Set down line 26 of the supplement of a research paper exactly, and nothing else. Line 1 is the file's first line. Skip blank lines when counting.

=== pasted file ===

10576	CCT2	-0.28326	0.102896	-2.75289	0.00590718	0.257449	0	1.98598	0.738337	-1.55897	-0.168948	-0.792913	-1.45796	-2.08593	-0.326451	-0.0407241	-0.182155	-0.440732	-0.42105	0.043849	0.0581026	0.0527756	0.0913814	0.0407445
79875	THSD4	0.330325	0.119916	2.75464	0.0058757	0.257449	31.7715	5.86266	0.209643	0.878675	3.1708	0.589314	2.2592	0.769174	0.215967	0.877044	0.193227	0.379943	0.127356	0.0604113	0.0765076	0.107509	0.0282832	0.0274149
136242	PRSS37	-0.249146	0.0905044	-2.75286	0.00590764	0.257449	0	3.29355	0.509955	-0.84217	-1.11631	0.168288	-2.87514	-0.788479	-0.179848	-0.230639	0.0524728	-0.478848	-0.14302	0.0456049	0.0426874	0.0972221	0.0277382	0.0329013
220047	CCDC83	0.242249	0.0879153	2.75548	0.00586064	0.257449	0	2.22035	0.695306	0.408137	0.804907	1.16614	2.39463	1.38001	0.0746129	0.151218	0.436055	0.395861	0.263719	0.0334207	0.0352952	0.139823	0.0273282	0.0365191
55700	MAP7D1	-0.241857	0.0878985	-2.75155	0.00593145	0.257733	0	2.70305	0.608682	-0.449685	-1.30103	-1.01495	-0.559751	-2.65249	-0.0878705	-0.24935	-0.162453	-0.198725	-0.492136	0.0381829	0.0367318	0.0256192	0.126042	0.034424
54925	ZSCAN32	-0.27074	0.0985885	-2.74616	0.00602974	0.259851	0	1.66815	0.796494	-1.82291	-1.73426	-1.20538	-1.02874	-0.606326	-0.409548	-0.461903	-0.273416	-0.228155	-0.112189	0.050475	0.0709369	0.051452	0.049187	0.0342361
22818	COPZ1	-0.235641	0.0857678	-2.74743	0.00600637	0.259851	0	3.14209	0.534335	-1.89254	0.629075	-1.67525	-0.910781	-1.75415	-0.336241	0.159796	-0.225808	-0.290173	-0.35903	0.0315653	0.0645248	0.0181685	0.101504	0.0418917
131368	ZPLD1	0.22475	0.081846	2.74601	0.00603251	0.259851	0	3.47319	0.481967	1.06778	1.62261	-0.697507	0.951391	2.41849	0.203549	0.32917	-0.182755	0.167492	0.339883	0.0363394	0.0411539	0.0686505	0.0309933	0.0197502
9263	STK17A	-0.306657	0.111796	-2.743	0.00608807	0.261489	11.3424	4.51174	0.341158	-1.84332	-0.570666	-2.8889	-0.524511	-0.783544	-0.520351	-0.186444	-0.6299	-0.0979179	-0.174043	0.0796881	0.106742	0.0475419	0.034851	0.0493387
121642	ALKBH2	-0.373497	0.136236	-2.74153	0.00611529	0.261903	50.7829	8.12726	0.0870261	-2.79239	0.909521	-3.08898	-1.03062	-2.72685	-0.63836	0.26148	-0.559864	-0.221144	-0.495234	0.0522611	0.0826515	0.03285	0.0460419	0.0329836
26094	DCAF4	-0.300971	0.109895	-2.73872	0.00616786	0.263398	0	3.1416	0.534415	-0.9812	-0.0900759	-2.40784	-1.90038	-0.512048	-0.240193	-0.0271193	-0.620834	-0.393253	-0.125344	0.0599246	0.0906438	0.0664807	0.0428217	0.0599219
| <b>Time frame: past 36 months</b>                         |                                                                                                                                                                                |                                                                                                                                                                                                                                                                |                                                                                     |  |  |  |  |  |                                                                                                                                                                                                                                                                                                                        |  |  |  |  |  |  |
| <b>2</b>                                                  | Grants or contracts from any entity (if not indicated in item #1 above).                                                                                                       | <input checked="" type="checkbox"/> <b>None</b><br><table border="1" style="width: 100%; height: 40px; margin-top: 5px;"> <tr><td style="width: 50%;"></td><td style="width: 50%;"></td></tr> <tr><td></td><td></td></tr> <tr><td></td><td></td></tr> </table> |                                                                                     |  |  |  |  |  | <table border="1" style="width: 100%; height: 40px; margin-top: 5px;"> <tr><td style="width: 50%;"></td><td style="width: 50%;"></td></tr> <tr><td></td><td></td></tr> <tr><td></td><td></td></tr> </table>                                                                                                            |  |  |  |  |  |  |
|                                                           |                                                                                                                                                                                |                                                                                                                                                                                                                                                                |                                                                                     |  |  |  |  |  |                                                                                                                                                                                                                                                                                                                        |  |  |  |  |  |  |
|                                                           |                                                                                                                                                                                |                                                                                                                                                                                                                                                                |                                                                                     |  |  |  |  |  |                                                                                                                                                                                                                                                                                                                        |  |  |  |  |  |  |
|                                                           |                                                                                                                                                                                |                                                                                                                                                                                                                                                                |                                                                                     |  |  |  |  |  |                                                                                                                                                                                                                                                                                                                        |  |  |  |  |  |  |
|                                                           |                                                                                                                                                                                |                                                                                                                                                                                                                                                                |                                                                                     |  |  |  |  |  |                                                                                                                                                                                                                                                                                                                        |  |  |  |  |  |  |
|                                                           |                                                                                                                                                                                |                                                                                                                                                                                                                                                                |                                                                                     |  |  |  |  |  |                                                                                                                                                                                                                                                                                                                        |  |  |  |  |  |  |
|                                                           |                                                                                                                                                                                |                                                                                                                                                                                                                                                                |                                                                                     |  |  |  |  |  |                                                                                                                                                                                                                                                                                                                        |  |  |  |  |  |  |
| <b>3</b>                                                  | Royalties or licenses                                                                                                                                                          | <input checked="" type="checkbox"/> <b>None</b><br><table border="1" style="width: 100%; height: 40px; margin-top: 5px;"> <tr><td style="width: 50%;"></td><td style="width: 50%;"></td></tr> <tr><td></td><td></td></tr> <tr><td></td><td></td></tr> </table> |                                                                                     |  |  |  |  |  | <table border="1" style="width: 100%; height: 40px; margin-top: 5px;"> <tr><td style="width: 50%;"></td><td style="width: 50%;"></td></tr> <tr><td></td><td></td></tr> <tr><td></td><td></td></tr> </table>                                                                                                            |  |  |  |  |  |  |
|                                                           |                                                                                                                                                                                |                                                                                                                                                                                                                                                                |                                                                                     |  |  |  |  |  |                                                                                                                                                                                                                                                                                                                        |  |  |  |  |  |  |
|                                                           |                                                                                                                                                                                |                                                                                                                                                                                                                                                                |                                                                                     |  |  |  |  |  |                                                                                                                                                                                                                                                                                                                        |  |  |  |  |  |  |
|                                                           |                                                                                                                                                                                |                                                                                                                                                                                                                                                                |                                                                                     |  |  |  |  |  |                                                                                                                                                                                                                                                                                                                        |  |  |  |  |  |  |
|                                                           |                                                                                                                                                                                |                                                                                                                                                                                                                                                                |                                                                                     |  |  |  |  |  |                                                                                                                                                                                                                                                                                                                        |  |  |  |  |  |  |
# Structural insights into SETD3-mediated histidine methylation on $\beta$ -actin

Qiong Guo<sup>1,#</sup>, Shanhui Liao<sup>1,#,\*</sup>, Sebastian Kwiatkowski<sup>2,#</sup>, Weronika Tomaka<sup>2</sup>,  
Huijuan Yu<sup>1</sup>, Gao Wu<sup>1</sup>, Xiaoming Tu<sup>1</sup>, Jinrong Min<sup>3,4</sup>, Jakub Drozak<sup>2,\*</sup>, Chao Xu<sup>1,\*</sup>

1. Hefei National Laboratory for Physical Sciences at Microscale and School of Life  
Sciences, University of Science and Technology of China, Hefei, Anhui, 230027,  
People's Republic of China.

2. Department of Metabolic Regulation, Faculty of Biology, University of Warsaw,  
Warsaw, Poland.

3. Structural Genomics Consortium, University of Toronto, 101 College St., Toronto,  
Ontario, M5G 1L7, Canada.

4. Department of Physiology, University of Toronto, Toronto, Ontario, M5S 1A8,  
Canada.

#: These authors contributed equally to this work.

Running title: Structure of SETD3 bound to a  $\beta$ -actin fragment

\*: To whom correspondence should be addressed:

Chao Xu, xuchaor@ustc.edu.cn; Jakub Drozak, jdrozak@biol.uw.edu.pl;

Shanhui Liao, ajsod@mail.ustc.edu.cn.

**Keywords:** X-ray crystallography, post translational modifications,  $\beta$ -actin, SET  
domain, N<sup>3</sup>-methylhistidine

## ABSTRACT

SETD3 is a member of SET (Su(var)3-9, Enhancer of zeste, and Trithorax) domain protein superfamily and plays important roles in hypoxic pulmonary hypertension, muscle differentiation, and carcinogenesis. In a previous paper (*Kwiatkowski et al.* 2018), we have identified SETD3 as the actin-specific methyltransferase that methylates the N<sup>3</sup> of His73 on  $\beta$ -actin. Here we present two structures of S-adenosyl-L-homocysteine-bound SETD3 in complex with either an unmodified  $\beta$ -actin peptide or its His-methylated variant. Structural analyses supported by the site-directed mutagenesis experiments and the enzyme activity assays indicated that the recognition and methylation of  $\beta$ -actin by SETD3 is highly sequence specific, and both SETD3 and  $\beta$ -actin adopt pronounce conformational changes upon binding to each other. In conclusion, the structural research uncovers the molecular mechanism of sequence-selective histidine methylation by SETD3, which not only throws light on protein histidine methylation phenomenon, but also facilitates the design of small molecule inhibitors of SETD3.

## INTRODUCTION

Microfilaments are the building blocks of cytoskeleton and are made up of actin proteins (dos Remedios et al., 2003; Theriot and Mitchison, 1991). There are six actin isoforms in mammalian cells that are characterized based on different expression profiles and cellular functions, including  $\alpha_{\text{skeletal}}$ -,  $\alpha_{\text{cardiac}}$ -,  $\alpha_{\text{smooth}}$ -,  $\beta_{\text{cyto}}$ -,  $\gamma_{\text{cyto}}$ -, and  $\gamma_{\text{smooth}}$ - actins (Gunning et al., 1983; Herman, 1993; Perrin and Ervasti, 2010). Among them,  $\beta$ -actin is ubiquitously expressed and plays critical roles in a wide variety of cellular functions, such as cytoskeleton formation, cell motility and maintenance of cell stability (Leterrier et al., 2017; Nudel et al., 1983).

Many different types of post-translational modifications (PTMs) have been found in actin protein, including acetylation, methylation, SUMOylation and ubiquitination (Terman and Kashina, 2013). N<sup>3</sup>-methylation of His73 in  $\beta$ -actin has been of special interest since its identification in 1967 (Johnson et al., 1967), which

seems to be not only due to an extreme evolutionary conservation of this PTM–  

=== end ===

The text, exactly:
Qiong Guo<sup>1,#</sup>, Shanhui Liao<sup>1,#,\*</sup>, Sebastian Kwiatkowski<sup>2,#</sup>, Weronika Tomaka<sup>2</sup>,  